The mouth of Mission Creek flowing into Okanagan Lake. Image Credit: Kevin Parnell/Capital News

Snowmelt impact diminishing

Rain remains wildcard factor in Okanagan Lake flood risk.

Rainfall over the next two to three weeks will determine the ongoing flood risk level for Okanagan Lake, says the head of the BC River Forecast Centre.

Dave Campbell says the impact from the melting higher elevation snowpack is beginning to diminish across the Southern Interior, but rainfall in the 25 to 30 mm range can still have a damaging and immediate flood impact.

“The positive thing at this point is projecting for the month of June, we are not looking to have that kind of extreme rainfall occurring,” Campbell said.

“Everyone needs to remain vigilant but there are signs now that the flood risk is beginning to diminish.”

Campbell said the combination of rain and intense heat spells during May has contributed to a reduction of the alpine level snowpack, to the point where it is a limiting factor in driving up river and creek levels feeding into the Okanagan Lake system.

“The one thing that will have the single biggest impact at this point remains the rain,” Campbell stressed.

At its peak earlier this spring, Mission Creek was flowing at 80 cubic metres per second, which now has dropped down to the 25 to 30 cubic metre range level.

“It’s been three to four weeks since we’ve seen those levels at 80, which indicates in terms of risk the snowmelt impact on the creek is playing less of a flood risk role,” Campbell said.

Shawn Reimer, head of the water stewardship branch of the provincial ministry of forests, lands and natural resources, said the historic high water intake levels draining into Okanagan Lake may have peaked, again depending on the rainfall in the weeks ahead.

For the last five weeks, Reimer said the Okanagan Lake water release dam at Penticton maximum discharge level is 55 centimetres depth daily while the lake intake rate was 169 cm.

“As the snowmelt becomes less of a factor, we won’t see the lake continue to rise at significant levels. That fact alone is encouraging but that’s as long as we don’t see significant rainfall through this weekend or over the next few weeks,” Reimer noted.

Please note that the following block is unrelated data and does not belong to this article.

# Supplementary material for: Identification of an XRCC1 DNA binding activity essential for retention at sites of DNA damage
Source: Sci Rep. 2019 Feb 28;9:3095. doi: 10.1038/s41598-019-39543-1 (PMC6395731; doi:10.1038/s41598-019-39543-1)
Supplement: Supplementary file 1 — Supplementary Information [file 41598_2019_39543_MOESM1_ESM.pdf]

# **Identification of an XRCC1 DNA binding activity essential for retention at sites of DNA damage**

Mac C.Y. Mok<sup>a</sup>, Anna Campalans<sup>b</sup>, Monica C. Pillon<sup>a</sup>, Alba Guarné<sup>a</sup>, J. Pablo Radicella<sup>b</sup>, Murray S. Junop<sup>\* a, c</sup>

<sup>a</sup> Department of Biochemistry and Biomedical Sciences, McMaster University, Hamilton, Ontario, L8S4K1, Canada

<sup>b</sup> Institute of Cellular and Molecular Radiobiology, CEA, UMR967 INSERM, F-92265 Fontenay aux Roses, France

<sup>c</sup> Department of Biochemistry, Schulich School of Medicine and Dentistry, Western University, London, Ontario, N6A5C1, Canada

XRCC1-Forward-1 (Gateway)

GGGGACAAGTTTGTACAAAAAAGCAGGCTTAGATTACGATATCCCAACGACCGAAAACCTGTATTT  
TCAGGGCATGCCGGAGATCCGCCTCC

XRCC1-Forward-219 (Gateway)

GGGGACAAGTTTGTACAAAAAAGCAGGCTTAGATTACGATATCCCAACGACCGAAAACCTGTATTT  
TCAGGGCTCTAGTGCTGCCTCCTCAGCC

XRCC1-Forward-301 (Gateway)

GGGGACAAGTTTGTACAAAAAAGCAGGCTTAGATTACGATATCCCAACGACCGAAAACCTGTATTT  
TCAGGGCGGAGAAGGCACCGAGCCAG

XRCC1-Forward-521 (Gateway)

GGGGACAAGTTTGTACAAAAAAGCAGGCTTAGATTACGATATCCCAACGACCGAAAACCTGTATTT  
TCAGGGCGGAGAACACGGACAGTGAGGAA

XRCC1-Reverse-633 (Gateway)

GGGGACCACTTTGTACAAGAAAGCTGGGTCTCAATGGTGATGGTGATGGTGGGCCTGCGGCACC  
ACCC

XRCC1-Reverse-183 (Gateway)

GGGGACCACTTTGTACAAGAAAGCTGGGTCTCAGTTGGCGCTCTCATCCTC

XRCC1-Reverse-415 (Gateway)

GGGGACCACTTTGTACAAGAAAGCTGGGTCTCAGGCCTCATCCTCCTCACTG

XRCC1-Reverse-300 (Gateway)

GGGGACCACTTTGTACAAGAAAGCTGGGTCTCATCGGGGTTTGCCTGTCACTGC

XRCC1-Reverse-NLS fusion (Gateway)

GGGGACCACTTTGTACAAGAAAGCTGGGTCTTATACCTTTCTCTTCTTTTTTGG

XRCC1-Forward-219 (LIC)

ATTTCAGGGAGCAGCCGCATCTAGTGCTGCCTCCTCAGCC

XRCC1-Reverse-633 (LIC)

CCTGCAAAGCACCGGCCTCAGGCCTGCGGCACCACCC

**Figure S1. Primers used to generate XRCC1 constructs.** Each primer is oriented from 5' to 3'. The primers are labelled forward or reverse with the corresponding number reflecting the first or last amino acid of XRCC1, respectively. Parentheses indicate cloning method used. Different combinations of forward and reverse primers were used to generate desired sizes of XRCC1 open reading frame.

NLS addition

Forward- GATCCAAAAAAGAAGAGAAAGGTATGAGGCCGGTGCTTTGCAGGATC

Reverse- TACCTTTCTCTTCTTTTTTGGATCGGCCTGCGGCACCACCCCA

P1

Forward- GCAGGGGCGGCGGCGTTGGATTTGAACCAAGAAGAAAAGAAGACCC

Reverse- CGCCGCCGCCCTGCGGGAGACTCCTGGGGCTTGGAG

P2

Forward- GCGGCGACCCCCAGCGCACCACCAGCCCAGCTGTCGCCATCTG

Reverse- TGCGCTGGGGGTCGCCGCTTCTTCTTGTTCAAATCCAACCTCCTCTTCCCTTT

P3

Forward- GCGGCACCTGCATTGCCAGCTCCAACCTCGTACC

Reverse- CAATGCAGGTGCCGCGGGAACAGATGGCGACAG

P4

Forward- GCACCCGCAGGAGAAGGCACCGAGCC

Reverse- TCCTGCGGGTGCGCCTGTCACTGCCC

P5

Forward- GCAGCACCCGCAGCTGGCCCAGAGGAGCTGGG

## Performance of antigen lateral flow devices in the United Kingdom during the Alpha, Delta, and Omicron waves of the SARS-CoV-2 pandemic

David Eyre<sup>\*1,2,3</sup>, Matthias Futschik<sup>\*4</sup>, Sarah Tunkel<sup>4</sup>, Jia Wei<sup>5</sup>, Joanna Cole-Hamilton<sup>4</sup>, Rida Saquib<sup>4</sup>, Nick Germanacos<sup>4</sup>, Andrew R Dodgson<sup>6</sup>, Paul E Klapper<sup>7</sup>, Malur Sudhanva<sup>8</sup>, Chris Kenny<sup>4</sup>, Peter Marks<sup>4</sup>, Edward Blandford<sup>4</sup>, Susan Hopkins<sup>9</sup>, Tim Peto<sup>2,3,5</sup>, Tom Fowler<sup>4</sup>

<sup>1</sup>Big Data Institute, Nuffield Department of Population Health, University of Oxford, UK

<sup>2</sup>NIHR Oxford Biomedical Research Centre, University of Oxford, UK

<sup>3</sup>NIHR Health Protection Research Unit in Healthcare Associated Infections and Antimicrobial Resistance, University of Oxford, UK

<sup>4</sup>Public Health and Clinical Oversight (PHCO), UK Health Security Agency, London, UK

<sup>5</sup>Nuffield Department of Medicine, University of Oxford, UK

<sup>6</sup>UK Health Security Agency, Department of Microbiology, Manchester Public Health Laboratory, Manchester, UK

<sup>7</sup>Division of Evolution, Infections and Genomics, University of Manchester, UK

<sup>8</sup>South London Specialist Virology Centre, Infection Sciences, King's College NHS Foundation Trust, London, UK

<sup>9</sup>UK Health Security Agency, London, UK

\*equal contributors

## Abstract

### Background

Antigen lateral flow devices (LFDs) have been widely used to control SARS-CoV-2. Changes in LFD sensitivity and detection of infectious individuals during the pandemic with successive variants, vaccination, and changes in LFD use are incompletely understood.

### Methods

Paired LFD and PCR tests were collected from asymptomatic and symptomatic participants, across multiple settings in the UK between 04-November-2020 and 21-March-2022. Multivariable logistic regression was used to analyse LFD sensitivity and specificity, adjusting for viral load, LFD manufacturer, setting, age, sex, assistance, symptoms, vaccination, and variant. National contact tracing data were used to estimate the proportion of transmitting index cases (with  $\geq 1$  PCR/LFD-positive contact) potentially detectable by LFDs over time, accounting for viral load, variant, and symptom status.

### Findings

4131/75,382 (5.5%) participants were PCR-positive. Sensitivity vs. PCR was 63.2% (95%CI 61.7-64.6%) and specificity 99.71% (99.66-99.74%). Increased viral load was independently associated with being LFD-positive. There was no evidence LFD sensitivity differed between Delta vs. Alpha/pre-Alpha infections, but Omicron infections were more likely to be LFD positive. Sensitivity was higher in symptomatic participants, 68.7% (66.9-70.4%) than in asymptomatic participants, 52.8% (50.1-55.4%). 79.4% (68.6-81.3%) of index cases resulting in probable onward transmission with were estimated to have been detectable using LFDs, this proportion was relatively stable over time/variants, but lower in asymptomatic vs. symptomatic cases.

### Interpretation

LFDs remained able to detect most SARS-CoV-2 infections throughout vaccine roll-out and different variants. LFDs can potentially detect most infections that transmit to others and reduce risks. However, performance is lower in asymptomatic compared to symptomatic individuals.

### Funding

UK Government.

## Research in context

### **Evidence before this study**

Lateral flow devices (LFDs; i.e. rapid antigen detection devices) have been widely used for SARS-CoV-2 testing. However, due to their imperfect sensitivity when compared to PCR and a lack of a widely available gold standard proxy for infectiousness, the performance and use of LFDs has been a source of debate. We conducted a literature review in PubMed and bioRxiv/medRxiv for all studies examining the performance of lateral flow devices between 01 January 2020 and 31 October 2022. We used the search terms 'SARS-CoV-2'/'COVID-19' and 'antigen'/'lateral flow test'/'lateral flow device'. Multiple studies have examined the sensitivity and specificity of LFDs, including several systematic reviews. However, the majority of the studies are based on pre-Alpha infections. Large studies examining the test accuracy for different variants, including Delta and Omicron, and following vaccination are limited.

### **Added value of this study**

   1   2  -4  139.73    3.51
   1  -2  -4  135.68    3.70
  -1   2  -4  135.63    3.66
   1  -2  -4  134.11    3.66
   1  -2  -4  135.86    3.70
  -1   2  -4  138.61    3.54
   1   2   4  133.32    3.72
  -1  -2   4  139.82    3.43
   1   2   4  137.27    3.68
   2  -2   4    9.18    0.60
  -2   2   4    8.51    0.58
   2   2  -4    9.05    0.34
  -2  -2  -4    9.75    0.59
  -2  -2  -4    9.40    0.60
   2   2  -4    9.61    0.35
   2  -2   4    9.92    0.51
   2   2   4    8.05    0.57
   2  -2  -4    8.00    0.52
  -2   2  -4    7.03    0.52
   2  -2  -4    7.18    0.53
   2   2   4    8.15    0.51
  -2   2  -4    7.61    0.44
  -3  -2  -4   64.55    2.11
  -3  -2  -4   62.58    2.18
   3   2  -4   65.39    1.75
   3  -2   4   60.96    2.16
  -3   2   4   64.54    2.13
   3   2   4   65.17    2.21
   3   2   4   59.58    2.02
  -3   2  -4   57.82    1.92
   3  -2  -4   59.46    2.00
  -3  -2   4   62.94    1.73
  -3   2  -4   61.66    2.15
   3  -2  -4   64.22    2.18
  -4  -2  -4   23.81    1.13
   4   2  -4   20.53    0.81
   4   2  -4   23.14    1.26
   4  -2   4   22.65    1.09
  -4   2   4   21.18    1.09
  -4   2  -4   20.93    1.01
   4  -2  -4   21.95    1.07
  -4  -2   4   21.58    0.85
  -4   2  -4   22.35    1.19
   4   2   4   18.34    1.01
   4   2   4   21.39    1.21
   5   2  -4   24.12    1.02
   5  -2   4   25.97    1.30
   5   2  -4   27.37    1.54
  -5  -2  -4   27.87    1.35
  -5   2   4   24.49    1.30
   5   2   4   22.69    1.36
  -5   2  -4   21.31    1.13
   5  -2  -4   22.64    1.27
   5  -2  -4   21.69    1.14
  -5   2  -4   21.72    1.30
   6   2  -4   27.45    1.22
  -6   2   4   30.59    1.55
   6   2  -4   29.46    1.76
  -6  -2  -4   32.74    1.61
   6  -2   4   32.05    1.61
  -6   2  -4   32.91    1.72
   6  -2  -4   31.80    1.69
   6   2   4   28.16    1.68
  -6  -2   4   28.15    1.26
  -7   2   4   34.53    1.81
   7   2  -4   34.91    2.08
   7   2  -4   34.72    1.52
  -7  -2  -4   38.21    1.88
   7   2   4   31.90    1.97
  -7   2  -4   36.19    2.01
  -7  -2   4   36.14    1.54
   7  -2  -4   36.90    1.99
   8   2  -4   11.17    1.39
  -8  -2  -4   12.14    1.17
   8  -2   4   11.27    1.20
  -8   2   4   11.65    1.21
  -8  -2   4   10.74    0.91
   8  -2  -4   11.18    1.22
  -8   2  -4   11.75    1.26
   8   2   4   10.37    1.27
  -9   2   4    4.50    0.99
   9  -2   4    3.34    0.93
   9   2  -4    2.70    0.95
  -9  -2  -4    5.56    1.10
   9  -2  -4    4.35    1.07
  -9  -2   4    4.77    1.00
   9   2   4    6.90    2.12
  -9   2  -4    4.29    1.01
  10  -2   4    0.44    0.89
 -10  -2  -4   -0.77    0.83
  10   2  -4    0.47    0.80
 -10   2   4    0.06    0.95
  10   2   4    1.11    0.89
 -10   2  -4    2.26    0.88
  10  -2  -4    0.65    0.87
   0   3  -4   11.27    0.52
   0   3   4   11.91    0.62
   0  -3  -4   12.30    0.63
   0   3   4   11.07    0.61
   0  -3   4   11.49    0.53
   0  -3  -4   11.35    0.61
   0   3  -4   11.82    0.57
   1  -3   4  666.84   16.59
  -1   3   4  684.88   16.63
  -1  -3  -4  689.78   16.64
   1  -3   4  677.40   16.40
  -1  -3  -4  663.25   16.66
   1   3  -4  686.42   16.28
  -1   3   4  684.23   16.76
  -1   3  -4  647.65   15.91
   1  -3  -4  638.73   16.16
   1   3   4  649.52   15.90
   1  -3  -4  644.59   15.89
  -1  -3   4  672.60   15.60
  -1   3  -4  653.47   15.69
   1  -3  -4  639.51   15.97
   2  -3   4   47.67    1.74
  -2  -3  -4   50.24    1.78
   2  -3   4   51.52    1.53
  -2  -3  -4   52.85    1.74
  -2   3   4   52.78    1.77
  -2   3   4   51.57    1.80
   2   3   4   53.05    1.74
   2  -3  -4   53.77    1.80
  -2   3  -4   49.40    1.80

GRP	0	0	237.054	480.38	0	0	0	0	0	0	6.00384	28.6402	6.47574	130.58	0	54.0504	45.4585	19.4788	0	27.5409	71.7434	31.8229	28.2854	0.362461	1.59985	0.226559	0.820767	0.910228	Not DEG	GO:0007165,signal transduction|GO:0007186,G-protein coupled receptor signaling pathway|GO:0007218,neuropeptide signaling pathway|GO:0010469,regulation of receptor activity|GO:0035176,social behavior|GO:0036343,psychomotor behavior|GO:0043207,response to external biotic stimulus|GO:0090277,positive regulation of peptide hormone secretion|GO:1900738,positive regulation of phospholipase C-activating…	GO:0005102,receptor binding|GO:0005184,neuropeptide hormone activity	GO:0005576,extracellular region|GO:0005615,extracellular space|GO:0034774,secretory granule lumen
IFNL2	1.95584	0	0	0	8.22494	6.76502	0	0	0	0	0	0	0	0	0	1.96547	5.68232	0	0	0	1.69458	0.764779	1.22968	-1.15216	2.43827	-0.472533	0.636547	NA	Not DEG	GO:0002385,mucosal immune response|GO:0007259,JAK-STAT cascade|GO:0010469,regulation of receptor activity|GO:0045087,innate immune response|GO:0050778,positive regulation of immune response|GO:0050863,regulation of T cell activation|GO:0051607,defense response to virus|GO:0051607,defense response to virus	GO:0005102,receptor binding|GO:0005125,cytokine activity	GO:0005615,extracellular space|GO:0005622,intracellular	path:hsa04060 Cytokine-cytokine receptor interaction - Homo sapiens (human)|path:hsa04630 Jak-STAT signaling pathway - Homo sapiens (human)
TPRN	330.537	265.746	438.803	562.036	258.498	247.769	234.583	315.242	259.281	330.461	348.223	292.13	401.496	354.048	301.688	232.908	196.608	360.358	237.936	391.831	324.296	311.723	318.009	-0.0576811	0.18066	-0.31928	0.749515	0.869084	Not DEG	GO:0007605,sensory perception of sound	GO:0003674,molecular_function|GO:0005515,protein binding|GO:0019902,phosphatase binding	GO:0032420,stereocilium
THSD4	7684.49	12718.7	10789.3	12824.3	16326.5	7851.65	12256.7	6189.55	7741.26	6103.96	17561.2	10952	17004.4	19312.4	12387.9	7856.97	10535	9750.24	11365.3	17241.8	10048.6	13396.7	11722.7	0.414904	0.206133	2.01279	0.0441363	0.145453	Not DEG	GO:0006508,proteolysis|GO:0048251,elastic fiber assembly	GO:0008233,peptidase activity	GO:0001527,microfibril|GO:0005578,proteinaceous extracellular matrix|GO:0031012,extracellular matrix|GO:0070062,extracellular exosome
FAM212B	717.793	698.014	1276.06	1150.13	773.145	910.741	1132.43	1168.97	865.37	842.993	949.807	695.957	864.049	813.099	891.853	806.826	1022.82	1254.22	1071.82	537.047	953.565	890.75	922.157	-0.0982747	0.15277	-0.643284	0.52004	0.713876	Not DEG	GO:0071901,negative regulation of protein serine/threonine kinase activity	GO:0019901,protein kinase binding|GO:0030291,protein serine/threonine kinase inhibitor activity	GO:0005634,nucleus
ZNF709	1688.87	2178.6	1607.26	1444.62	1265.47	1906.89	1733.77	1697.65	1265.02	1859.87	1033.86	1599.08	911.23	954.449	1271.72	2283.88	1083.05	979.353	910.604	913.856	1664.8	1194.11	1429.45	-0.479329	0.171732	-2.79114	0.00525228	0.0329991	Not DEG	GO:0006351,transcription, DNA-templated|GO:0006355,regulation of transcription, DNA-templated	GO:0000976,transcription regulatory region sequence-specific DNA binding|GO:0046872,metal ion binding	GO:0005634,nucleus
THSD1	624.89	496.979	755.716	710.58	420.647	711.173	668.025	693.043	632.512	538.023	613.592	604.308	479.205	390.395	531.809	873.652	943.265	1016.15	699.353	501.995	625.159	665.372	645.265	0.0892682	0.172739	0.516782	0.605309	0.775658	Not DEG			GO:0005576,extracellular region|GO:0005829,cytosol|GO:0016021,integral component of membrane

Reimer said the water level for Kalamalka Lake, which feeds into the Okanagan Valley lake system, has also shown signs of remaining flat or dropping a little in recent days.

“There is no longer snow to feed the Kalamalka Lake and Wood Lake system so we should start to see some dramatic decline in those lake levels fairly soon, depending on precipitation,” Reimer said.

For people living along the Okanagan Lake shoreline living behind sandbag and other dam barriers, Campbell said while they might tentatively breathe a sigh of relief for the moment, the peak level for the lake could still rise.

“We still need a bit of time to create some (downward) space in the lake level before you start sending the message we are through with the flooding. The situation is still very sensitive to rainfall particularly over these next few weeks. It’s a situation we will continue to watch closely,” Campbell said.

Reimer said the water release balance at the Penticton dam needs to see the water release levels higher than the lake intake levels.

“I’m not sure that catch up in terms of water release is the right word with the lake level showing signs of at least stabilizing, but it is a better situation if that is to continue,” Reimer said. “The longer the lake levels remain flat or rise slowly, the more time it allows us to discharge water from (Okanagan Lake).”

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